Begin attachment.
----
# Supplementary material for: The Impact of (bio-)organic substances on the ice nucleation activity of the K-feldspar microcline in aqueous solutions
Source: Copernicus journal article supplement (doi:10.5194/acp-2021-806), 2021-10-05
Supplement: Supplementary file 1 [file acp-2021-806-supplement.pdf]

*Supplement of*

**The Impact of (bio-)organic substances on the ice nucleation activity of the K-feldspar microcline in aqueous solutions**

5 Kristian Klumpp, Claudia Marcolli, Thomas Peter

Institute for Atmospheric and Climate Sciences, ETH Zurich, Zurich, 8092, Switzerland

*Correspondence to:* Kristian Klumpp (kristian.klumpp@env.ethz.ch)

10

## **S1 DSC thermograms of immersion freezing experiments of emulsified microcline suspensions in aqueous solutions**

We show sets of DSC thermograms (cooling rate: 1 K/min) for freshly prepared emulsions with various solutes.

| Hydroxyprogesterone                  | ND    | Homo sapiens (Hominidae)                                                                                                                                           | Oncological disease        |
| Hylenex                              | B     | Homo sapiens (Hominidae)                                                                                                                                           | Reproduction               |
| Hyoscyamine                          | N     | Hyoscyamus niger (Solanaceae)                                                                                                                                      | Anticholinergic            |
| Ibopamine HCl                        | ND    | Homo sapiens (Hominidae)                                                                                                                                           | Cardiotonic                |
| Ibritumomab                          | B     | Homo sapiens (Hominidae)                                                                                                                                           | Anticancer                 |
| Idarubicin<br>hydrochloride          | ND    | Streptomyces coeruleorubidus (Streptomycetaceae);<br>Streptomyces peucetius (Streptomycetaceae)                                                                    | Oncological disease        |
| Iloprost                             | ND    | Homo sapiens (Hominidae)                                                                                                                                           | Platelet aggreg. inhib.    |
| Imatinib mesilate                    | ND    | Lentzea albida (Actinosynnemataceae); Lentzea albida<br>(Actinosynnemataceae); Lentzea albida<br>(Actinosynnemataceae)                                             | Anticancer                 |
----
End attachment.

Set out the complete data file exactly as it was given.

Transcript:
# Supplementary material for: The Impact of (bio-)organic substances on the ice nucleation activity of the K-feldspar microcline in aqueous solutions
Source: Copernicus journal article supplement (doi:10.5194/acp-2021-806), 2021-10-05
Supplement: Supplementary file 1 [file acp-2021-806-supplement.pdf]

*Supplement of*

**The Impact of (bio-)organic substances on the ice nucleation activity of the K-feldspar microcline in aqueous solutions**

5 Kristian Klumpp, Claudia Marcolli, Thomas Peter

Institute for Atmospheric and Climate Sciences, ETH Zurich, Zurich, 8092, Switzerland

*Correspondence to:* Kristian Klumpp (kristian.klumpp@env.ethz.ch)

10

## **S1 DSC thermograms of immersion freezing experiments of emulsified microcline suspensions in aqueous solutions**

We show sets of DSC thermograms (cooling rate: 1 K/min) for freshly prepared emulsions with various solutes.

| Hydroxyprogesterone                  | ND    | Homo sapiens (Hominidae)                                                                                                                                           | Oncological disease        |
| Hylenex                              | B     | Homo sapiens (Hominidae)                                                                                                                                           | Reproduction               |
| Hyoscyamine                          | N     | Hyoscyamus niger (Solanaceae)                                                                                                                                      | Anticholinergic            |
| Ibopamine HCl                        | ND    | Homo sapiens (Hominidae)                                                                                                                                           | Cardiotonic                |
| Ibritumomab                          | B     | Homo sapiens (Hominidae)                                                                                                                                           | Anticancer                 |
| Idarubicin<br>hydrochloride          | ND    | Streptomyces coeruleorubidus (Streptomycetaceae);<br>Streptomyces peucetius (Streptomycetaceae)                                                                    | Oncological disease        |
| Iloprost                             | ND    | Homo sapiens (Hominidae)                                                                                                                                           | Platelet aggreg. inhib.    |
| Imatinib mesilate                    | ND    | Lentzea albida (Actinosynnemataceae); Lentzea albida<br>(Actinosynnemataceae); Lentzea albida<br>(Actinosynnemataceae)                                             | Anticancer                 |